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Twelve PowerShell command line tips, tricks and helpful hints

Windows continues to place more and more emphasis on the PowerShell command line, with the scripting language now forming the basis of many of the vendors' core products. While more widespread use means PowerShell is more powerful than ever, it has also led to a staggering number of cmdlets to sort through, which can make learning the syntax that much more difficult.

Even if you're

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already a PowerShell pro, here are 12 straightforward tips that can help you up your game.

  1. PowerShell and XML: For PowerShell to understand XML, you must force it to parse XML, which runs it through the .NET Framework's XmlDocument class and builds a document object model from it. If the XML doesn't parse or validate, then you'll get an error.
  2. PowerShell remoting: Remoting is enabled by default in Windows Server 2012, but to manually enable the feature in earlier versions, consult the free e-book Secrets of PowerShell Remoting.
  3. PowerShell and WWF: The PowerShell code in a workflow must be translated to something WWF understands, so the switch construct can't be used in WWF, but you can use a special parallel for each construct to have PowerShell perform multi-threaded activities.
  4. Searching for commands: PowerShell v3 automatically includes commands from all installed modules when it searches for commands, but if you try to run a command that isn't loaded, the shell implicitly loads it in the background for you.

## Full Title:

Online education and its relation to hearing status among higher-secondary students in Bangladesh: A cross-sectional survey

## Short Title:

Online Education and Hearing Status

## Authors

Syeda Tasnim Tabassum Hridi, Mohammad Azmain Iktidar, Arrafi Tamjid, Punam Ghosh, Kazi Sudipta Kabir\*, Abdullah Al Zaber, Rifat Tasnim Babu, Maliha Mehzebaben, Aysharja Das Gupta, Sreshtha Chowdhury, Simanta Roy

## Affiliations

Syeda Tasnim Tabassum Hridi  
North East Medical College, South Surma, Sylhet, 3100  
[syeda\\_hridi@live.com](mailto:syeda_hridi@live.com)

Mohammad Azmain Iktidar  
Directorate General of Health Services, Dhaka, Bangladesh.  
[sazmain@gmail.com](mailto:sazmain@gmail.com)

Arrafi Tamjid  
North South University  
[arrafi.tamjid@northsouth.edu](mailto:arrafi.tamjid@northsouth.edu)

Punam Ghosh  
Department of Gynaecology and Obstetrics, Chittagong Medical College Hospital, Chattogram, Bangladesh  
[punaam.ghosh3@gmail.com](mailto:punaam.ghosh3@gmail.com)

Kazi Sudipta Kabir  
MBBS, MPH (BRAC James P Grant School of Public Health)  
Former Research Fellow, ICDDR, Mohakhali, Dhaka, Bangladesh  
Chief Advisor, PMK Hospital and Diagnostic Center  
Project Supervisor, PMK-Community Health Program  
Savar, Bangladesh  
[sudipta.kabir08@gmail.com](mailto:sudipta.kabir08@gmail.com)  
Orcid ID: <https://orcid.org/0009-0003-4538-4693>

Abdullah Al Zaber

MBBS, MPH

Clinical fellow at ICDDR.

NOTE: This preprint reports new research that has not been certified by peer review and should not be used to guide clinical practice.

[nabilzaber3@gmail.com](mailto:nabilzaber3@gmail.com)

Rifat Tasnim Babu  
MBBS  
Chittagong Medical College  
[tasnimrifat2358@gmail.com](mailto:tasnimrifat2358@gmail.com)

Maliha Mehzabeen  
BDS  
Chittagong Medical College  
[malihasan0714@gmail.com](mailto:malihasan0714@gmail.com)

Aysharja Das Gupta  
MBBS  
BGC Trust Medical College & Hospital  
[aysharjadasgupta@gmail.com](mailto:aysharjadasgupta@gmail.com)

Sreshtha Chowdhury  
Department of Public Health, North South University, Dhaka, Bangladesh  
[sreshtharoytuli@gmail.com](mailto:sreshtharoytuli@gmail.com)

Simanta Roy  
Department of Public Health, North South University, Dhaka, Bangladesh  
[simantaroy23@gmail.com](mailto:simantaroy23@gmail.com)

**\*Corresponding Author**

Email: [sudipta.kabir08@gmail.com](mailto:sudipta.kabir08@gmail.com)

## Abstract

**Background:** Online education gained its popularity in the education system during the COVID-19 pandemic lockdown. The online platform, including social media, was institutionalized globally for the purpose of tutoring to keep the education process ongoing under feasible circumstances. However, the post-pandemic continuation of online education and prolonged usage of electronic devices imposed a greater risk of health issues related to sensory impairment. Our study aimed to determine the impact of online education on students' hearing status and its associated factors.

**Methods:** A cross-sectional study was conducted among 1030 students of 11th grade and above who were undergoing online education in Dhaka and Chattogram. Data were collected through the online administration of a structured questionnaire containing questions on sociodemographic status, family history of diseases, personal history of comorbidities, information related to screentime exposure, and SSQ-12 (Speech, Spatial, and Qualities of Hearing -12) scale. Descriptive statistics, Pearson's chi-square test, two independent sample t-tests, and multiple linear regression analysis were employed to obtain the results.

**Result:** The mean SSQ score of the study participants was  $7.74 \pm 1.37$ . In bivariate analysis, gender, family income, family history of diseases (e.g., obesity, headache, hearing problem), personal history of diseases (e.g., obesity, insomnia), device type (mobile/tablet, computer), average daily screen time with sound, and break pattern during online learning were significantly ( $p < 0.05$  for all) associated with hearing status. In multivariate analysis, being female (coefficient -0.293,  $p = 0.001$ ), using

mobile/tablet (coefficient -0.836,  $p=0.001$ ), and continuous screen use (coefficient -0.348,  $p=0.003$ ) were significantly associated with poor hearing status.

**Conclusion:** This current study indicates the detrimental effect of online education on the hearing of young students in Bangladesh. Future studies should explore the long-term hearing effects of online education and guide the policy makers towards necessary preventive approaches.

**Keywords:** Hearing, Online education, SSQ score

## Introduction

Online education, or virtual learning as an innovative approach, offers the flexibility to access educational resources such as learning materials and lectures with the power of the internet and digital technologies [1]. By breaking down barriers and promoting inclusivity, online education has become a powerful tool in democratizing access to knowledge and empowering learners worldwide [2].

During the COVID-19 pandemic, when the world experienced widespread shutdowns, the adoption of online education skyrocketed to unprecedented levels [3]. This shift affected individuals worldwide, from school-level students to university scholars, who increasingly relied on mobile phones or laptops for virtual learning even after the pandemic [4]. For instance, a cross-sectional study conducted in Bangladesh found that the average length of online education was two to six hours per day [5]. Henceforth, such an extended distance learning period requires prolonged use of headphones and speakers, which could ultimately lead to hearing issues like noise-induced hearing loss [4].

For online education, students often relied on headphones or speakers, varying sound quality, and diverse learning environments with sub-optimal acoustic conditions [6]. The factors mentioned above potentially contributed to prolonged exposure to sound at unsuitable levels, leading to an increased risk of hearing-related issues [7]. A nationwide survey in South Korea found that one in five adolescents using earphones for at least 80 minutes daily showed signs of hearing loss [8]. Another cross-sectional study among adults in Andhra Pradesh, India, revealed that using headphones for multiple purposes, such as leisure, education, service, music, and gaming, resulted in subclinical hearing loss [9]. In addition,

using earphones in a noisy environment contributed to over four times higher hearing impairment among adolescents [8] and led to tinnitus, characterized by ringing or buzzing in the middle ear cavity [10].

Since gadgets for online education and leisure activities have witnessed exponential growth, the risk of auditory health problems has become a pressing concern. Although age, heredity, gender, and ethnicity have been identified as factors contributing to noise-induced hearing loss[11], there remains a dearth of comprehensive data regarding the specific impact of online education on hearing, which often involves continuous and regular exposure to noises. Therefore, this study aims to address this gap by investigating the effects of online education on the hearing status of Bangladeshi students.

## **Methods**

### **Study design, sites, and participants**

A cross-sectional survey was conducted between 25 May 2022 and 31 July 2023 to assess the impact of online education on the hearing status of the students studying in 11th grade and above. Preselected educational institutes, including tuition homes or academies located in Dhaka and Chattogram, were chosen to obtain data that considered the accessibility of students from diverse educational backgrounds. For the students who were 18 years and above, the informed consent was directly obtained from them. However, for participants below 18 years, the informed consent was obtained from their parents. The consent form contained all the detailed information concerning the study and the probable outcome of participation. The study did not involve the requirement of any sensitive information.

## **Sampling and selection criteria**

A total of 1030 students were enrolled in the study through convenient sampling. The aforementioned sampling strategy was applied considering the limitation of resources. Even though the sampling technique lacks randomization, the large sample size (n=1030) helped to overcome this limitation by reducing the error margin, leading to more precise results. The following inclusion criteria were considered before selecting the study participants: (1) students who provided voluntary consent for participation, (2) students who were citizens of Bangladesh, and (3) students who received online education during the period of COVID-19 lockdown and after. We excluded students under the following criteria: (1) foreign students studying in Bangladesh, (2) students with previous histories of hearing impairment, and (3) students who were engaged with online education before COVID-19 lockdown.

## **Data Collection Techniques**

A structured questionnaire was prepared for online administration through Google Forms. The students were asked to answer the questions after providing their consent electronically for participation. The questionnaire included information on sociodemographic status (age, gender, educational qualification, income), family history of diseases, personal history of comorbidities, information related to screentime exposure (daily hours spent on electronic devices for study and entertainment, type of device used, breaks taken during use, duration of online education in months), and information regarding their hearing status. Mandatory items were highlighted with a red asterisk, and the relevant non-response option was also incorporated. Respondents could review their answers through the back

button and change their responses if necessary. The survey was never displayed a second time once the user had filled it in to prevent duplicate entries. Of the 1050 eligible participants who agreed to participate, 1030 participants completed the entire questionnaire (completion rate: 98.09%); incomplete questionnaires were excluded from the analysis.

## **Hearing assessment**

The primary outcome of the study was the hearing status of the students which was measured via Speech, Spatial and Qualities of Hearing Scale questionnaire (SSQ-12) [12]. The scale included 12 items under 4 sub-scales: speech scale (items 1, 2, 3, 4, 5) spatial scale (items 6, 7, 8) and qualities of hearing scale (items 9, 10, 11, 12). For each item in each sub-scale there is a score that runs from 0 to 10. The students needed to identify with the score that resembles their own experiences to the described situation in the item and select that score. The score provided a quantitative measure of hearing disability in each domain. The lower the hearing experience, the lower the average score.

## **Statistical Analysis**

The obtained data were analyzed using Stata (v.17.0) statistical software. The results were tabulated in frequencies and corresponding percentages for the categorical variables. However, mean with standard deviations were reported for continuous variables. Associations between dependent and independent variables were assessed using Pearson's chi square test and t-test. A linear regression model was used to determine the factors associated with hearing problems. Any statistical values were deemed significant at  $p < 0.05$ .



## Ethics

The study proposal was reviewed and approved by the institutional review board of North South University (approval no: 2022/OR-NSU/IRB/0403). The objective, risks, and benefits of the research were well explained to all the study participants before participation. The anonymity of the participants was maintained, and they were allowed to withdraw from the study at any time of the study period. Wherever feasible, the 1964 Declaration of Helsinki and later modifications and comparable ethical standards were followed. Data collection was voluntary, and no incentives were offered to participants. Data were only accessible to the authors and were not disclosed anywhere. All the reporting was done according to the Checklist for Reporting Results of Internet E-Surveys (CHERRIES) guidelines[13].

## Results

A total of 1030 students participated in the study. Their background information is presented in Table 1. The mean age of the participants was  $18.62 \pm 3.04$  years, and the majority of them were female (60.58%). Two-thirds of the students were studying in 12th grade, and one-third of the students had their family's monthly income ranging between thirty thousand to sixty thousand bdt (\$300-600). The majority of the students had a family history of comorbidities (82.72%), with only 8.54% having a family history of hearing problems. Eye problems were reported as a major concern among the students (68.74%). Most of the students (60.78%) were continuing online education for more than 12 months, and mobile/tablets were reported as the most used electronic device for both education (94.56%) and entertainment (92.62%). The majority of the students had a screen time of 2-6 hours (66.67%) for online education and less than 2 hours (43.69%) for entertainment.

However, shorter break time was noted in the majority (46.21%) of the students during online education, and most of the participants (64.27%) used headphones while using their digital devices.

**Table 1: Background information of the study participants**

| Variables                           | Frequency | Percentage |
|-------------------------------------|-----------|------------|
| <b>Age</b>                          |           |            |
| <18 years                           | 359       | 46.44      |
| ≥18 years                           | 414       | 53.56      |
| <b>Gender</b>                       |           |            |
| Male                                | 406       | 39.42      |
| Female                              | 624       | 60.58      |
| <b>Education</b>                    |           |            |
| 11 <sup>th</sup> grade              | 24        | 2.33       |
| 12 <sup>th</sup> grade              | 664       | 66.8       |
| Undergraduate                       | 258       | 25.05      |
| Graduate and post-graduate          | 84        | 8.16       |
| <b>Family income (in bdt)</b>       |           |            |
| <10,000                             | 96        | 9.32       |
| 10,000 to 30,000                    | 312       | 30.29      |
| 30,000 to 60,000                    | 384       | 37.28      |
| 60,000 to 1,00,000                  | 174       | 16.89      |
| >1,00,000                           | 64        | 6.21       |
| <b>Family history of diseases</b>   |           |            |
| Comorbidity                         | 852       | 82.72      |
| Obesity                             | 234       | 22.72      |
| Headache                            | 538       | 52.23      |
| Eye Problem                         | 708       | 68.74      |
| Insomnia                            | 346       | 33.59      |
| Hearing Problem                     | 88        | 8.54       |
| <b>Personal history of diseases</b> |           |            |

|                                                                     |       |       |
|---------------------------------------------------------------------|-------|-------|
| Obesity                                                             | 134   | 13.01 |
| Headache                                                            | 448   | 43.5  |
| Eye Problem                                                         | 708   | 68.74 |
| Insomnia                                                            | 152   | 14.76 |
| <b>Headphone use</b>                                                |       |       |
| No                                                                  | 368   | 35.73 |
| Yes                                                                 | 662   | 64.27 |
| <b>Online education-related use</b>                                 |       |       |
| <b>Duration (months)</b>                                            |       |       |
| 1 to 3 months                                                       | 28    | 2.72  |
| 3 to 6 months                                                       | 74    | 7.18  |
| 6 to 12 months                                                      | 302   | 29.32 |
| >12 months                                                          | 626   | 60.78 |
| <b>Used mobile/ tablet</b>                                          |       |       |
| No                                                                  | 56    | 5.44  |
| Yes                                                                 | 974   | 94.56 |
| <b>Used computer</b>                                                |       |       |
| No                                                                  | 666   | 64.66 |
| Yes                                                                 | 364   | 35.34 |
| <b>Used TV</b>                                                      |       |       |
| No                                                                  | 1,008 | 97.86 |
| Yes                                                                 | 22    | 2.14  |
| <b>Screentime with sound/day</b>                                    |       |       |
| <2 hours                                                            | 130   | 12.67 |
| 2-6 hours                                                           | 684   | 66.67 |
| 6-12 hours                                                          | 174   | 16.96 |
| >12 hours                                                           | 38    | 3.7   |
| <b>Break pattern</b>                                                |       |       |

5. PowerCLI and vCloud: The abstraction layer introduced by vCloud Director 1.5 allows you to use PowerCLI scripts to search for virtual machines (VMs) and collect granular information.
  6. PowerCLI and View management: Using PowerShell scripts to reset and rebuild your environment is often faster than using the Web-based administration tools. The cmdlets and scripting can also be used to build a consistent layout to your View environment.
  7. Migrating VMs: You can migrate any VM, regardless of what cluster it's in, with a PowerShell script. You simply need the name of the cluster alias, the exact name of the clustered VM resource and the destination node.
  8. XenServer PowerShell snap-in: To run the PowerShell snap-in on a 64-bit system, run the following command from an elevated command prompt to register the DLL with the 64-bit .NET Framework: C:\windows\microsoft.net\frameowkr64\v2.0.50727\installutil.exe "c:\program files (x86)\citrix\xenserverpssnapin\xenserverpssnapin.dll"
  9. VMware vSphere PowerShell snap-ins: VMware.ImageBuilderallows for the creation of custom ESXi images and media that you can launch with Auto Deploy, or you can also use these images as standalone installation media.
  10. PowerShell Web Access: Introduced with PowerShell v3, PowerShell Web Access is acomplete Web-based command-line window that supports multiple simultaneous connections and tab completion and can be secured with an HTTPS connection. Just remember Internet Information Services is a prerequisite for this feature.
  11. Windows Task Scheduler and PowerShell: With scheduled PowerShell scripts, you need to ensure that the proper execution policies are in place. All scripts you execute using the Task Scheduler should be signed using a code signing certificate issued by a certificate authority.
  12. PowerCLI and the vSphere API: The vSphere API is much more structured than an operating system. PowerCLI is built on top of the same API, which means that you can't use PowerCLI to directly perform tasks inside the console OS.

This was first published in September 2013

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